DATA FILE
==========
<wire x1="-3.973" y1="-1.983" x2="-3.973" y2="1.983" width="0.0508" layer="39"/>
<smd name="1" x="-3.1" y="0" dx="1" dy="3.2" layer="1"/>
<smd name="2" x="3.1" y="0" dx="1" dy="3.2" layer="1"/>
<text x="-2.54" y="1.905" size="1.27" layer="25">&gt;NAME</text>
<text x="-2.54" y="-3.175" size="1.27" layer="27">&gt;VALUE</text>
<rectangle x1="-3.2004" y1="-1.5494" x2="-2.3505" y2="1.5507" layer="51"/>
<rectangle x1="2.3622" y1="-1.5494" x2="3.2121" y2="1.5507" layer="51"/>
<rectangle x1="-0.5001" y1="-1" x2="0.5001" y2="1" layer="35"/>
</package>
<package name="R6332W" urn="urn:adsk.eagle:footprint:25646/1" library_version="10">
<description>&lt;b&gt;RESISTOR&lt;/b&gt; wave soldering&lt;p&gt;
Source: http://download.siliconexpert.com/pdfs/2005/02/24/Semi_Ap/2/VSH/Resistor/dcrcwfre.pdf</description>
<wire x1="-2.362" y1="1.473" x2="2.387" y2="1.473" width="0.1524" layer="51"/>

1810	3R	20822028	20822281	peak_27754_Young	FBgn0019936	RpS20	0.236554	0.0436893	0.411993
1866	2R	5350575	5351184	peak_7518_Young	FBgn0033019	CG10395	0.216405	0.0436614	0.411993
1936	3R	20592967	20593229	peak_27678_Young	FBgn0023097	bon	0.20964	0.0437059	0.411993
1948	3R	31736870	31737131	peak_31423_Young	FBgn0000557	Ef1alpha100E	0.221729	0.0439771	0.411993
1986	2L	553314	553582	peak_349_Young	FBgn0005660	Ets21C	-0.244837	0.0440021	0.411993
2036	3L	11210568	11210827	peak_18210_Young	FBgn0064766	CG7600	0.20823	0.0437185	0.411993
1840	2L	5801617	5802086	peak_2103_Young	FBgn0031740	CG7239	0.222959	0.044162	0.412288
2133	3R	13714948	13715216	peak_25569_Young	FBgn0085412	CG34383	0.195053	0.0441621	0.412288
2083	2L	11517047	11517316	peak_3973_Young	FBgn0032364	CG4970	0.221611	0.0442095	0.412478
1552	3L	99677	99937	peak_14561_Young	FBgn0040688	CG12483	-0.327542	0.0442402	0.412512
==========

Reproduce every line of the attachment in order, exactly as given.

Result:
<wire x1="-3.973" y1="-1.983" x2="-3.973" y2="1.983" width="0.0508" layer="39"/>
<smd name="1" x="-3.1" y="0" dx="1" dy="3.2" layer="1"/>
<smd name="2" x="3.1" y="0" dx="1" dy="3.2" layer="1"/>
<text x="-2.54" y="1.905" size="1.27" layer="25">&gt;NAME</text>
<text x="-2.54" y="-3.175" size="1.27" layer="27">&gt;VALUE</text>
<rectangle x1="-3.2004" y1="-1.5494" x2="-2.3505" y2="1.5507" layer="51"/>
<rectangle x1="2.3622" y1="-1.5494" x2="3.2121" y2="1.5507" layer="51"/>
<rectangle x1="-0.5001" y1="-1" x2="0.5001" y2="1" layer="35"/>
</package>
<package name="R6332W" urn="urn:adsk.eagle:footprint:25646/1" library_version="10">
<description>&lt;b&gt;RESISTOR&lt;/b&gt; wave soldering&lt;p&gt;
Source: http://download.siliconexpert.com/pdfs/2005/02/24/Semi_Ap/2/VSH/Resistor/dcrcwfre.pdf</description>
<wire x1="-2.362" y1="1.473" x2="2.387" y2="1.473" width="0.1524" layer="51"/>

1810	3R	20822028	20822281	peak_27754_Young	FBgn0019936	RpS20	0.236554	0.0436893	0.411993
1866	2R	5350575	5351184	peak_7518_Young	FBgn0033019	CG10395	0.216405	0.0436614	0.411993
1936	3R	20592967	20593229	peak_27678_Young	FBgn0023097	bon	0.20964	0.0437059	0.411993
1948	3R	31736870	31737131	peak_31423_Young	FBgn0000557	Ef1alpha100E	0.221729	0.0439771	0.411993
1986	2L	553314	553582	peak_349_Young	FBgn0005660	Ets21C	-0.244837	0.0440021	0.411993
2036	3L	11210568	11210827	peak_18210_Young	FBgn0064766	CG7600	0.20823	0.0437185	0.411993
1840	2L	5801617	5802086	peak_2103_Young	FBgn0031740	CG7239	0.222959	0.044162	0.412288
2133	3R	13714948	13715216	peak_25569_Young	FBgn0085412	CG34383	0.195053	0.0441621	0.412288
2083	2L	11517047	11517316	peak_3973_Young	FBgn0032364	CG4970	0.221611	0.0442095	0.412478
1552	3L	99677	99937	peak_14561_Young	FBgn0040688	CG12483	-0.327542	0.0442402	0.412512